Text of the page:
Hit the coast
With the days finally longer than the nights, thoughts turn to summer holidays packed blistering sunshine and beautiful beaches. The east of Scotland might not always manage the first part, but it certainly has plenty of great coastline to explore.
North Berwick to the east and Aberdour across the Forth both have cracking beaches - Silver Sands at Aberdour is one of just a handful of Scots beaches to win the international Blue Flag award - and each has a host of other things to do if the sea breeze gets any worse than ‘bracing’.
North Berwick is home to the Scottish Seabird Centre, gazing out onto the Bass Rock and its enormous gannet colony. Aberdour lacks the wildlife but makes up for it with history - Aberdour Castle dates back to the 11th Century, and is one of the two oldest standing castles remaining in Scotland.
Trains from Waverley Station will take you to either North Berwick or Aberdour in just over half an hour, with a car journey taking around the same.
Get on your bike
While much of the extreme sports track in Scotland is in the north and west, thrillseekers can still get their fix within an hour and a half of Edinburgh. The Glentress and Innerleithen sections of the 7 Stanes group of Scottish mountain bike trails offer riders of all abilities the chance for an exciting ride.
Glentress is home to one of the UK’s best biking centres, with an £8.5 million facility complete with bike hire, car parks, a cafe, a wide range of trails for all skill levels, and the all important changing facilities and showers after a day in the mud. Nearby Innerleithen offers biking for the more experienced rider, with punishing downhill tracks and competition-level trails through the Border countryside. The centre is 45 minutes away by car, but can be reached by bus in an hour and a quarter.
Take on the Law
South-east Scotland isn’t known for its hills, but the Broad Law southwest of Peebles is a great place for the novice climber to get started. An hour and ten minutes from Edinburgh, Broad Law’s light and gentle slope up to its 840-metre summit make it one of Scotland’s gentler hills. The locations of a somewhat unexpected radio transmitter at the summit, which vaguely resembles a UFO, means that there will always be something out of the ordinary to see when you reach the top.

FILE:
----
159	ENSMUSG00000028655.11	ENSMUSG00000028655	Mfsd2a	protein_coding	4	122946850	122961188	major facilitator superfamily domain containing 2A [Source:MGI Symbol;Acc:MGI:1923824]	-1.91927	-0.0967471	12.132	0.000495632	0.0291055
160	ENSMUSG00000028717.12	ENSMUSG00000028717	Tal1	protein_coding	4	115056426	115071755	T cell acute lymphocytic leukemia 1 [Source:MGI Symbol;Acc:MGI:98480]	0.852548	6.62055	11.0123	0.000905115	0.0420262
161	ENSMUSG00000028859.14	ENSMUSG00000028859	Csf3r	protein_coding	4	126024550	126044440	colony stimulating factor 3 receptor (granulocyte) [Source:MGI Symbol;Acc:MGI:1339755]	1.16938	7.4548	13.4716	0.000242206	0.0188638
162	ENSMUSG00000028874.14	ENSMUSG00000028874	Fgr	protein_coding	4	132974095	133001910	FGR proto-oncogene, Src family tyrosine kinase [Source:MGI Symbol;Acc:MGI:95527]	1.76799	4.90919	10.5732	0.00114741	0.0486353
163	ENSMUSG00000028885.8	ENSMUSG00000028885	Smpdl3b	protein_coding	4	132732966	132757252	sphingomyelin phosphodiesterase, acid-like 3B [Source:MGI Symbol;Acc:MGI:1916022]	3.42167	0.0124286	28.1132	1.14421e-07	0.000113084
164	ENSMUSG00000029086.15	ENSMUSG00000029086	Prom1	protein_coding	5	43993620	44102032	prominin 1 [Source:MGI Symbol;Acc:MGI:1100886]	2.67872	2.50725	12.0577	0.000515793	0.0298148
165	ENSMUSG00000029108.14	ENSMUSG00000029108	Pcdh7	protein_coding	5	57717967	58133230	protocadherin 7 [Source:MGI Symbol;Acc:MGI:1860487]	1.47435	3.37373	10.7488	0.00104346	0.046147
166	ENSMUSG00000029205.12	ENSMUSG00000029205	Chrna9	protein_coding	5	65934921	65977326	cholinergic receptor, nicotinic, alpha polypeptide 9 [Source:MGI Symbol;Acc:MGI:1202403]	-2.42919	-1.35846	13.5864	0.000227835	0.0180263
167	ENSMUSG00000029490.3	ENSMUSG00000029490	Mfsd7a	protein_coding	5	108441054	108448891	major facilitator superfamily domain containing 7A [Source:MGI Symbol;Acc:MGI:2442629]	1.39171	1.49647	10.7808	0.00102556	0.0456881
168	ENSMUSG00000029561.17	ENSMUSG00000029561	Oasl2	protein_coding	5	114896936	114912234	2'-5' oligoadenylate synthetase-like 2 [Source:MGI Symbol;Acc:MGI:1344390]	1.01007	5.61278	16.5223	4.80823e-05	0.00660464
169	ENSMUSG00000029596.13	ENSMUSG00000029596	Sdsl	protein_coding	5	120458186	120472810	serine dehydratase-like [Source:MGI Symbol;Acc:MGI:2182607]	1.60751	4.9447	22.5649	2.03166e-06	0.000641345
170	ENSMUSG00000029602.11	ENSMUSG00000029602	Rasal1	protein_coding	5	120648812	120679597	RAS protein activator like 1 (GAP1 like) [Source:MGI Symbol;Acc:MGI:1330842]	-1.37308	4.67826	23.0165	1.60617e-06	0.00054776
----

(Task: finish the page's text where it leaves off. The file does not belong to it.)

Homes from home
Two examples of historic Scottish housing which couldn’t be more different from one another can be found within an hour and a half of the capital.
Travel north-west to Kenmore on Loch Tay, where you’ll find the Scottish Crannog Centre. For the uninitiated, a crannog is a self-contained island house built by those who lived on Scotland’s lochs. Their first recorded use came around 5,000 years ago, and there’s a full-scale replica on site to give an insight inside the homes of Iron Age Scots.
The Centre opens for the summer season on 1 April, and is open daily until the end of October. Start your watch when you hit the Edinburgh bypass and you should get there inside 90 minutes.
An hour south of Edinburgh, Traquair House is a more genteel and refined blast from the past. Built in the 10th Century, it has been inhabited constantly ever since, and a trip around the building takes you on a mini tour through Scottish history. The on-site brewery and shop bring things right up to date, and it’s only 60 minutes in the car back to modern-day Edinburgh.
• Which other great places are within an hour-and-a-half of Edinburgh? Let us know in the comments.